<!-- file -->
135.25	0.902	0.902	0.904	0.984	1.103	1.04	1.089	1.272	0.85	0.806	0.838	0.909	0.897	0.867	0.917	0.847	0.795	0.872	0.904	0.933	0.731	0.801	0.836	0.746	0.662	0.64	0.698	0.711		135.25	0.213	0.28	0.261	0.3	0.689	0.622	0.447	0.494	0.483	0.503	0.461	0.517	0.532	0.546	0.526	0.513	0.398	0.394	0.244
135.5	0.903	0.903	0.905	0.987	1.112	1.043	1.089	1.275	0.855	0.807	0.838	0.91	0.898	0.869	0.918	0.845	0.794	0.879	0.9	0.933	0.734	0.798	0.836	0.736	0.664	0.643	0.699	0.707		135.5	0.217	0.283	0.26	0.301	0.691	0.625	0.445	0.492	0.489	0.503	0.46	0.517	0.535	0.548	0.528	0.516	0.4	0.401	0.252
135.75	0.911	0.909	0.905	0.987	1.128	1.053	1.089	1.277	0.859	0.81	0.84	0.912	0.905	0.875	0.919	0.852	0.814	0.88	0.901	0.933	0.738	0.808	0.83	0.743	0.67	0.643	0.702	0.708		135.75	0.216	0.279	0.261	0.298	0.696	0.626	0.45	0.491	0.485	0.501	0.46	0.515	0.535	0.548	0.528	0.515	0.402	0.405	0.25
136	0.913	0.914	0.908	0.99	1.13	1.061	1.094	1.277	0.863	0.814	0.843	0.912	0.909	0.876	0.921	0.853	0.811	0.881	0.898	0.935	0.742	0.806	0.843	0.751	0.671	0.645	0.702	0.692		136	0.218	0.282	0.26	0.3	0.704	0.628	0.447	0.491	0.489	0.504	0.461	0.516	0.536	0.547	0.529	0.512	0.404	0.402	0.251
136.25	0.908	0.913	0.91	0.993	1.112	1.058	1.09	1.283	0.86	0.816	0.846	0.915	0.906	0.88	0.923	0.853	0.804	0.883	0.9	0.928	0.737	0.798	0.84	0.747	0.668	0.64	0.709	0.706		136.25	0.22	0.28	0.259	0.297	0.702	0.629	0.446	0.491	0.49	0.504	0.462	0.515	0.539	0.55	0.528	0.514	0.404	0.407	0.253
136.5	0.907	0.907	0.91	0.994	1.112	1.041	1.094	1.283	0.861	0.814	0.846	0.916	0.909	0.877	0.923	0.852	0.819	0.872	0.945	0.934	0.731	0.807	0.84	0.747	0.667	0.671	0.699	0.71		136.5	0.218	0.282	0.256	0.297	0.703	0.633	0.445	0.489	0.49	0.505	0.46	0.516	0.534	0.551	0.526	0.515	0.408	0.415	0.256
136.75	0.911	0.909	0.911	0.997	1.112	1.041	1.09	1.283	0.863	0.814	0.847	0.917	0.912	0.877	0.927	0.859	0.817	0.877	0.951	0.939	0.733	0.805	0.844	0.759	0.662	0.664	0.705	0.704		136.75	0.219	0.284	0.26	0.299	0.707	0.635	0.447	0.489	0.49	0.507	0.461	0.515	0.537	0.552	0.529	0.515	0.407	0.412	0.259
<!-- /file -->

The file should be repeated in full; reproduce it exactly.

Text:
135.25	0.902	0.902	0.904	0.984	1.103	1.04	1.089	1.272	0.85	0.806	0.838	0.909	0.897	0.867	0.917	0.847	0.795	0.872	0.904	0.933	0.731	0.801	0.836	0.746	0.662	0.64	0.698	0.711		135.25	0.213	0.28	0.261	0.3	0.689	0.622	0.447	0.494	0.483	0.503	0.461	0.517	0.532	0.546	0.526	0.513	0.398	0.394	0.244
135.5	0.903	0.903	0.905	0.987	1.112	1.043	1.089	1.275	0.855	0.807	0.838	0.91	0.898	0.869	0.918	0.845	0.794	0.879	0.9	0.933	0.734	0.798	0.836	0.736	0.664	0.643	0.699	0.707		135.5	0.217	0.283	0.26	0.301	0.691	0.625	0.445	0.492	0.489	0.503	0.46	0.517	0.535	0.548	0.528	0.516	0.4	0.401	0.252
135.75	0.911	0.909	0.905	0.987	1.128	1.053	1.089	1.277	0.859	0.81	0.84	0.912	0.905	0.875	0.919	0.852	0.814	0.88	0.901	0.933	0.738	0.808	0.83	0.743	0.67	0.643	0.702	0.708		135.75	0.216	0.279	0.261	0.298	0.696	0.626	0.45	0.491	0.485	0.501	0.46	0.515	0.535	0.548	0.528	0.515	0.402	0.405	0.25
136	0.913	0.914	0.908	0.99	1.13	1.061	1.094	1.277	0.863	0.814	0.843	0.912	0.909	0.876	0.921	0.853	0.811	0.881	0.898	0.935	0.742	0.806	0.843	0.751	0.671	0.645	0.702	0.692		136	0.218	0.282	0.26	0.3	0.704	0.628	0.447	0.491	0.489	0.504	0.461	0.516	0.536	0.547	0.529	0.512	0.404	0.402	0.251
136.25	0.908	0.913	0.91	0.993	1.112	1.058	1.09	1.283	0.86	0.816	0.846	0.915	0.906	0.88	0.923	0.853	0.804	0.883	0.9	0.928	0.737	0.798	0.84	0.747	0.668	0.64	0.709	0.706		136.25	0.22	0.28	0.259	0.297	0.702	0.629	0.446	0.491	0.49	0.504	0.462	0.515	0.539	0.55	0.528	0.514	0.404	0.407	0.253
136.5	0.907	0.907	0.91	0.994	1.112	1.041	1.094	1.283	0.861	0.814	0.846	0.916	0.909	0.877	0.923	0.852	0.819	0.872	0.945	0.934	0.731	0.807	0.84	0.747	0.667	0.671	0.699	0.71		136.5	0.218	0.282	0.256	0.297	0.703	0.633	0.445	0.489	0.49	0.505	0.46	0.516	0.534	0.551	0.526	0.515	0.408	0.415	0.256
136.75	0.911	0.909	0.911	0.997	1.112	1.041	1.09	1.283	0.863	0.814	0.847	0.917	0.912	0.877	0.927	0.859	0.817	0.877	0.951	0.939	0.733	0.805	0.844	0.759	0.662	0.664	0.705	0.704		136.75	0.219	0.284	0.26	0.299	0.707	0.635	0.447	0.489	0.49	0.507	0.461	0.515	0.537	0.552	0.529	0.515	0.407	0.412	0.259